Voltage imaging with the ArchWT-GFP voltage sensor. (A-D) Median ∆F/F0 (10 FP) traces of ArchWT-GFP voltage sensor fluorescence showing frequency dependency at 17, 28, 42, 83 Hz at 40 V and 1 ms pulse width from a single well. (E-J) Stimulus pulse width dependency at 0.1, 0.2, 0.3, 0.5, 1, 1.2 ms at 40 V and 83 Hz. (K-T) Voltage dependency at 2, 5, 10, 15, 20, 30, 40, 50, 60, 100 V at 83 Hz and 1 ms pulse width. (U-W) Stability of neuronal responses over 3 trials with ~1-min intratrial intervals.
Effects of neuronal clumping on GCaMP3 responses. (A-C) Morphology and responses of unclumped neurons. Scale bar: 150 µm. (D-F) Clumped neurons. (A,D) GCaMP3 fluorescence and bright field images. (B,E) ∆F/F0 response map for GCaMP3 for 1, 10, 160 AP (red: high response, blue: low response). (C,F) 1, 10, 160 AP ∆F/F0 traces for regions of interest (gray). Median trace (red).
Plasmid map and sequence of lentiviral expression vector.
We thank Z. Ma, S. Winfrey, P. Nguyen, and H. White for cell culture; B. Coop, L. Ramasamy, and D. Cabaniss for electrode and electronics engineering; and B. Gonzaga (Molecular Devices) for assistance with software.
Conceived and designed the experiments: TJW TWC ERS JPH GT BFF RB BCS MR BEK RAK VJ LLL KS DSK. Performed the experiments: TJW TWC ERS JPH GT BFF RB BCS MR DSK. Analyzed the data: TJW TWC ERS BEK RAK VJ LLL KS DSK. Wrote the manuscript: TJW TWC KS DSK. Designed, configured, and automated hardware: TJW. Developed analysis software: TWC. Performed molecular biology, cell culture, and transfections: JPH GT BFF RB BCS MR. Performed protein assays: BFF ERS. Performed imaging: TJW TWC DSK. Supervised the project: BEK RAK VJ LLL KS DSK.
- 1. Looger LL, Griesbeck O (2012) Genetically encoded neural activity indicators. Curr Opin Neurobiol 22: 18-23. doi:10.1016/j.conb.2011.10.024. PubMed: 22104761.
- 2. Horikawa K, Yamada Y, Matsuda T, Kobayashi K, Hashimoto M et al. (2010) Spontaneous network activity visualized by ultrasensitive Ca(2+) indicators, yellow Cameleon-Nano. Nat Methods 7: 729-732. doi:10.1038/nmeth.1488. PubMed: 20693999.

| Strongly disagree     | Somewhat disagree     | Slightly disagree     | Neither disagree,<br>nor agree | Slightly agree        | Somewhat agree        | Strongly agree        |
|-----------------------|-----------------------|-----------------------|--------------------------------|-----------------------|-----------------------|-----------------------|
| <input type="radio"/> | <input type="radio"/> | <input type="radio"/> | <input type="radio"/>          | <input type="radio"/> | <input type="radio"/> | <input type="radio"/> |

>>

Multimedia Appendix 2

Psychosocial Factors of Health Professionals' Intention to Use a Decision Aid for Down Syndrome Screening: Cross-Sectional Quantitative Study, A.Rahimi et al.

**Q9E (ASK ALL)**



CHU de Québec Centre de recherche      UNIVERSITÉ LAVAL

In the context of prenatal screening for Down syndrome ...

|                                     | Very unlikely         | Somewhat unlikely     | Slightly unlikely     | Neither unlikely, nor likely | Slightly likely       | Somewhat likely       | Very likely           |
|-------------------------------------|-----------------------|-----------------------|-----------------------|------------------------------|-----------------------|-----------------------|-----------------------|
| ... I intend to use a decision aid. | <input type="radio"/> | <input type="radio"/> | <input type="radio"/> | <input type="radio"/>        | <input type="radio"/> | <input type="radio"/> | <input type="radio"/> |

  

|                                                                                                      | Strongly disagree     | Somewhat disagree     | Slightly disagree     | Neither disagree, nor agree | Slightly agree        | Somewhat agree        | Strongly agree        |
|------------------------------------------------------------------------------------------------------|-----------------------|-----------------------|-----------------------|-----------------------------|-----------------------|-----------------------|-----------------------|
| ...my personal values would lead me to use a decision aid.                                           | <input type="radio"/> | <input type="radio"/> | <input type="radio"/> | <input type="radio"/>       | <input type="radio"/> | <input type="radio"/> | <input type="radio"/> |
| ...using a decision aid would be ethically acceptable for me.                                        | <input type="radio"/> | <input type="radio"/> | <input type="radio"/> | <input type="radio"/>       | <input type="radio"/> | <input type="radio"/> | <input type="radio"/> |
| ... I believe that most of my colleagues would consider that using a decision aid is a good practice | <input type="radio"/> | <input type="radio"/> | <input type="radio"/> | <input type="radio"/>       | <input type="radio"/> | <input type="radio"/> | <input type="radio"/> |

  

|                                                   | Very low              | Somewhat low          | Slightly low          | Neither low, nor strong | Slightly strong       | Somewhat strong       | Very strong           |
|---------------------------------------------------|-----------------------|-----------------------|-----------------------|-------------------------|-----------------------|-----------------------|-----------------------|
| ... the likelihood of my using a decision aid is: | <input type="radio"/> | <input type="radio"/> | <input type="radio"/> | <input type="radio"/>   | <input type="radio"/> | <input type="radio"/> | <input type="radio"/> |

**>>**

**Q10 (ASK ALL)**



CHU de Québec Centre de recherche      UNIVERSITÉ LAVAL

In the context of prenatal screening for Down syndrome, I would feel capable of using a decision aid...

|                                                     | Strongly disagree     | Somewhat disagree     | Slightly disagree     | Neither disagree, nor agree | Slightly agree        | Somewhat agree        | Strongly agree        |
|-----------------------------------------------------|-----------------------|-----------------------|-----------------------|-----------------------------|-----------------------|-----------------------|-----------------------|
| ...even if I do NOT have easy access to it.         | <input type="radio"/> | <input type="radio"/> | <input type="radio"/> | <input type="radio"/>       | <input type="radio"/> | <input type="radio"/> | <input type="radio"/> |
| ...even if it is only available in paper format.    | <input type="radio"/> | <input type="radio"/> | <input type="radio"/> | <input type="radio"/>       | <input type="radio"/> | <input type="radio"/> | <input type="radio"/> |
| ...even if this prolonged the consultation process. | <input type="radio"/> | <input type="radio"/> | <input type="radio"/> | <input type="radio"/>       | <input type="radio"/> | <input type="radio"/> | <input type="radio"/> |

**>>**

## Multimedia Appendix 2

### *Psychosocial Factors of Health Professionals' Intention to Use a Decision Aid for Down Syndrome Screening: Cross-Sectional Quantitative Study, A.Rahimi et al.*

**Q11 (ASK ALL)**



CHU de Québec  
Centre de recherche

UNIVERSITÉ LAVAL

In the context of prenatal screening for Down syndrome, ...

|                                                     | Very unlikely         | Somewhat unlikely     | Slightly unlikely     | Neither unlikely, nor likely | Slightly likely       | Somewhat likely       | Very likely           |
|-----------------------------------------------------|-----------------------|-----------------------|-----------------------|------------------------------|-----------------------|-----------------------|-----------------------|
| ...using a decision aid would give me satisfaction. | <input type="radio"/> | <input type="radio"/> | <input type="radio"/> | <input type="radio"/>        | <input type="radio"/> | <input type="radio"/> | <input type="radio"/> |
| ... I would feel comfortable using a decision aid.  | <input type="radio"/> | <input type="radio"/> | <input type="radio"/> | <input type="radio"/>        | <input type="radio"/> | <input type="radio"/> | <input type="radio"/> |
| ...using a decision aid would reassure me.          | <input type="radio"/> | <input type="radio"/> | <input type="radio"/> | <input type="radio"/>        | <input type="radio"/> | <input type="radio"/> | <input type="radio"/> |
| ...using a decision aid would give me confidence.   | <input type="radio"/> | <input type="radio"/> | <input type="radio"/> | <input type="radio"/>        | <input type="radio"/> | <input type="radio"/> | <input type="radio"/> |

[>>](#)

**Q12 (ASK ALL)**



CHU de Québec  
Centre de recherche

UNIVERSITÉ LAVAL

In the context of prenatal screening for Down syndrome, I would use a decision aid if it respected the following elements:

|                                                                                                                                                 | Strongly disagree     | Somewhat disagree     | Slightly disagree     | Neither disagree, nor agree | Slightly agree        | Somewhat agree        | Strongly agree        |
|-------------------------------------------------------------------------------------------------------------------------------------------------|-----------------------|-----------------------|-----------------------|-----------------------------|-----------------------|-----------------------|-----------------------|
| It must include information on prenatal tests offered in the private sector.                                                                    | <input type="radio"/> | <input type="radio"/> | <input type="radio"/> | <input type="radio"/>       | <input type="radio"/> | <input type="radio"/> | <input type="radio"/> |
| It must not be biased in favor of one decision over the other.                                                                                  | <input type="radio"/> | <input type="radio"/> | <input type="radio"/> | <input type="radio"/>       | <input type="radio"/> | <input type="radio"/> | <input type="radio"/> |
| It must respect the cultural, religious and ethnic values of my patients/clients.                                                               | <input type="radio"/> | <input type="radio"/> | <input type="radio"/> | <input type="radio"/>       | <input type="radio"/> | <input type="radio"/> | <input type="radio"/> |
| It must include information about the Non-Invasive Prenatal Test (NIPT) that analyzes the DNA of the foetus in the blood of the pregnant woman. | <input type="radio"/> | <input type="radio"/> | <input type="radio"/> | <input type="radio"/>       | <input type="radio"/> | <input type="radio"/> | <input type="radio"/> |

- 3. Huber D, Gutnisky DA, Peron S, O'Connor DH, Wiegert JS et al. (2012) Multiple dynamic representations in the motor cortex during sensorimotor learning. Nature 484: 473-478. doi:10.1038/nature11039. PubMed: 22538608.
- 4. Mank M, Santos AF, Direnberger S, Mrsic-Flogel TD, Hofer SB et al. (2008) A genetically encoded calcium indicator for chronic in vivo two-photon imaging. Nat Methods 5: 805-811. doi:10.1038/nmeth.1243. PubMed: 19160515.
- 5. Tian L, Hires SA, Mao T, Huber D, Chiappe ME et al. (2009) Imaging neural activity in worms, flies and mice with improved GCaMP calcium indicators. Nat Methods 6: 875-881. doi:10.1038/nmeth.1398. PubMed: 19898485.
- 6. Kerr R, Lev-Ram V, Baird G, Vincent P, Tsien RY et al. (2000) Optical imaging of calcium transients in neurons and pharyngeal muscle of C. elegans. Neuron 26: 583-594. doi:10.1016/S0896-6273(00)81196-4. PubMed: 10896155.
- 7. Mao T, O'Connor DH, Scheuss V, Nakai J, Svoboda K (2008) Characterization and subcellular targeting of GCaMP-type genetically-encoded calcium indicators. PLOS ONE 3: e1796. doi:10.1371/journal.pone.0001796. PubMed: 18350138.
- 8. Petreanu L, Gutnisky DA, Huber D, Xu NL, O'Connor DH et al. (2012) Activity in motor-sensory projections reveals distributed coding in somatosensation. Nature 489: 299-303. doi:10.1038/nature11321. PubMed: 22922646.
- 9. Dreosti E, Odermatt B, Dorostkar MM, Lagnado L (2009) A genetically encoded reporter of synaptic activity in vivo. Nat Methods 6: 883-889. doi:10.1038/nmeth.1399. PubMed: 19898484.
- 10. Luo L, Callaway EM, Svoboda K (2008) Genetic dissection of neural circuits. Neuron 57: 634-660. doi:10.1016/j.neuron.2008.01.002. PubMed: 18341986.